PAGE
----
- Apr 18, 2014
- Reaction score
- Lower Hudson Valley, New York
Well, I'm trying to work out a way to put in two small corn patches per year by using the house itself as a pollen block (i.e. put one on one side of the house, and one on the other). But that sort of relies on FINDING another spot on the other side of the house that has the space and sun to grow corn, or pretty much anything else! (as I have mentioned, about 90% of our property is in partial to total shade pretty much all day, and there is nothing I can do about that).I admire your adventurous spirit when it comes to planting gleanings you've found @Pulsegleaner. It is certainly a good way to find things that you won't find in seed vendor listings. I almost never see any really nice decorative corn being sold around here, but I did look at some little fall decal corns I got somewhere at some point yesterday and think....hmmm, wonder if I could grow this. The tricky thing is corn is so sensitive to seasonal length that I doubt if many would succeed here being so far up north. And that would mean, possibly, one year is a total loss for a corn. Which is a huge loss considering you can only grow one per year.
THAT there are corns adapted to your area is obvious, after all, the First Nations people had their corns. How many of those are still around I have no idea. I know there is something called Gaspe Bay Flint, and I think the Micmac still have some of their traditional strains (to be honest, I'm not 100% familiar with which native tribes ARE in the interior part of Canada. I know some of the coastal ones (Haida, Tlingit, Athabascan) but beyond that, it all goes into a blur of memories of old Dead Dog Cafe Comedy Hour episodes I've heard on tape.) Maybe one of those would work.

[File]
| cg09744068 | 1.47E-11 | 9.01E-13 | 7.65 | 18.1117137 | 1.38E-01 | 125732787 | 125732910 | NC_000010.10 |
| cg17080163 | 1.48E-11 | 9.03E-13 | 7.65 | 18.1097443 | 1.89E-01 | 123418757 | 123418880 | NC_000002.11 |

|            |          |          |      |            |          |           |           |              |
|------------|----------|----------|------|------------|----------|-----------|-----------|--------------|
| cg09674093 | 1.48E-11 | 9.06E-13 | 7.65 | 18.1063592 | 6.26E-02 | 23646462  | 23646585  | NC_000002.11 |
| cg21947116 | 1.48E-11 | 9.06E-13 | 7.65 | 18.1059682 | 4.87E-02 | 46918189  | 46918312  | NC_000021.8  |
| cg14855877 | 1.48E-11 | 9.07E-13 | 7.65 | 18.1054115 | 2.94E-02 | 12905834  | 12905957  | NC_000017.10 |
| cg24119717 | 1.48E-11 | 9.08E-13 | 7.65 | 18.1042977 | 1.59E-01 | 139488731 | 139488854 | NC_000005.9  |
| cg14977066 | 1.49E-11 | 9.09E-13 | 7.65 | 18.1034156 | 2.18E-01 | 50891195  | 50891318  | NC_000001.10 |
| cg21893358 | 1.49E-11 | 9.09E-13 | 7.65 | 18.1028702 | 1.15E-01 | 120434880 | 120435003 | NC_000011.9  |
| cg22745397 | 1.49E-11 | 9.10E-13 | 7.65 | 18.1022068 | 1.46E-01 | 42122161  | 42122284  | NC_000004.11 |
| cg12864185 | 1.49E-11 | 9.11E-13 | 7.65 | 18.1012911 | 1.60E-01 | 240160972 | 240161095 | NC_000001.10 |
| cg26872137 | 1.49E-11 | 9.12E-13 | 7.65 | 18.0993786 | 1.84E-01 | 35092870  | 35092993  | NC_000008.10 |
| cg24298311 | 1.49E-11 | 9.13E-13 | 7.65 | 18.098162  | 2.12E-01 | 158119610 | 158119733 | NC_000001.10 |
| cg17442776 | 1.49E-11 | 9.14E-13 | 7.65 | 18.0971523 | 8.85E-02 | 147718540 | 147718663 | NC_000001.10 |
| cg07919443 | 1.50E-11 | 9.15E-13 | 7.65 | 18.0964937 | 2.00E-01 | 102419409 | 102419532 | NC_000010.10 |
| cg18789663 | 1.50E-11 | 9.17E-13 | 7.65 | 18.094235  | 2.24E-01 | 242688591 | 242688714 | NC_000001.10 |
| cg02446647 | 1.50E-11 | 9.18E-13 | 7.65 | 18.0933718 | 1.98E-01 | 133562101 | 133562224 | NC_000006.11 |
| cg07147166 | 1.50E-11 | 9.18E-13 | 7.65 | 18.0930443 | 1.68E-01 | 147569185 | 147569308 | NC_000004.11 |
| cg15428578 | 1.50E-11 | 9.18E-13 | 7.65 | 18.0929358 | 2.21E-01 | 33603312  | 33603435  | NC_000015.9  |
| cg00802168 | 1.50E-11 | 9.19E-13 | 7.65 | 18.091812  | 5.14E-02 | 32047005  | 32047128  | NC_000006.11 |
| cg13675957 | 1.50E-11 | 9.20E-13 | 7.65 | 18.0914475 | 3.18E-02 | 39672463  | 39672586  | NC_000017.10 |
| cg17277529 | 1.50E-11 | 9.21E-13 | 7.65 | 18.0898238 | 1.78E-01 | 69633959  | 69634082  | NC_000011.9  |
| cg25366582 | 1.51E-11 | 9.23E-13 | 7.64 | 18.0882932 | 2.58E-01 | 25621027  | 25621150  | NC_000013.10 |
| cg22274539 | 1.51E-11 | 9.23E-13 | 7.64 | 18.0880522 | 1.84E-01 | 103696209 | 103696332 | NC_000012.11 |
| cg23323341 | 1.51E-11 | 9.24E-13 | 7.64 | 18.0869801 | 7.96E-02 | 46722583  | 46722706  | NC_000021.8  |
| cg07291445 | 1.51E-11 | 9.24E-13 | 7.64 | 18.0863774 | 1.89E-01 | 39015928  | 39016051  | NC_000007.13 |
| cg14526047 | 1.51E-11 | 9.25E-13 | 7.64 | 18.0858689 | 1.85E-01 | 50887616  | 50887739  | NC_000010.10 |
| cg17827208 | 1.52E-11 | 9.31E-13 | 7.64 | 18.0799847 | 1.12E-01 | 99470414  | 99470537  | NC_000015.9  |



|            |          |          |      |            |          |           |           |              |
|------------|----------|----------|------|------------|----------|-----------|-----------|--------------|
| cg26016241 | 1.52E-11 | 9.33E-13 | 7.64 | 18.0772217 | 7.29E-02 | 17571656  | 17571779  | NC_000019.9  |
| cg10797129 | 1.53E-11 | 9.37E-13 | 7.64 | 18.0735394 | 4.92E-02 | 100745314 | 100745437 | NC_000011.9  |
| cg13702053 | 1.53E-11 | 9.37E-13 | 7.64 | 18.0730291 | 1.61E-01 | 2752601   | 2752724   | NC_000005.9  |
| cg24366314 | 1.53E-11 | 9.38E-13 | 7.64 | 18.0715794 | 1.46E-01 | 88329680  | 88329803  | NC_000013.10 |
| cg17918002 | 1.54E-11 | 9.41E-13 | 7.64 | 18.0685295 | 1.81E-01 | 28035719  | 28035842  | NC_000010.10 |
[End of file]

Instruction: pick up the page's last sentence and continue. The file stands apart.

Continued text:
As for your problem, I sort of understand. I have the advantage that none of my near neighbors grow corn (only one other even has a vegetable garden, as far as I know) and the nearest one who does is down a very steep hill (so their pollen would have to blow up the hill and over the house to get to my patch, which isn't likely.) Thankfully, the restoration doesn't grow corn either, just a bit of wheat and rye for the show of things (I'm sure they grind it in the mill, but I've seen, and harvested, their patch, and it's clear than most of the grain they grind must come in from elsewhere)
As for 6-12 plants messing you up, how do you think I feel when 6-12 kernels is ALL I HAVE for a variety (or even less), and I have to face the possibility of giving a whole season to grown only two or three corn stalks! I'm seriously considering planting the one I only have four of left in just a big pot and putting it somewhere high enough to keep it out of the pollen wind line.
I actually DID do a re-visit to my main corn hunt place (not where I bought my stuff, it's going to be hard to re-visit that one.) The one I went to HAD gotten in some more since last time (some multicolored dents) but still nothing to catch my eye.
I also think I may have worked out a way to get around the fact that our recent spring weather patterns have made trying to grow cool weather crops like peas all but impossible. It occurs to me that, as I only have about five of the peas I want to regenerate, I can again take a bit pot, fill it with soil, stick a bunch of stakes in it, tie or staple some mesh to them, and create a pea complex I can bring outside when the weather is good for peas, but still yank inside if I find out that an unexpected heavy frost is coming. Probably should do something similar for the fava (since I only have one seed of that).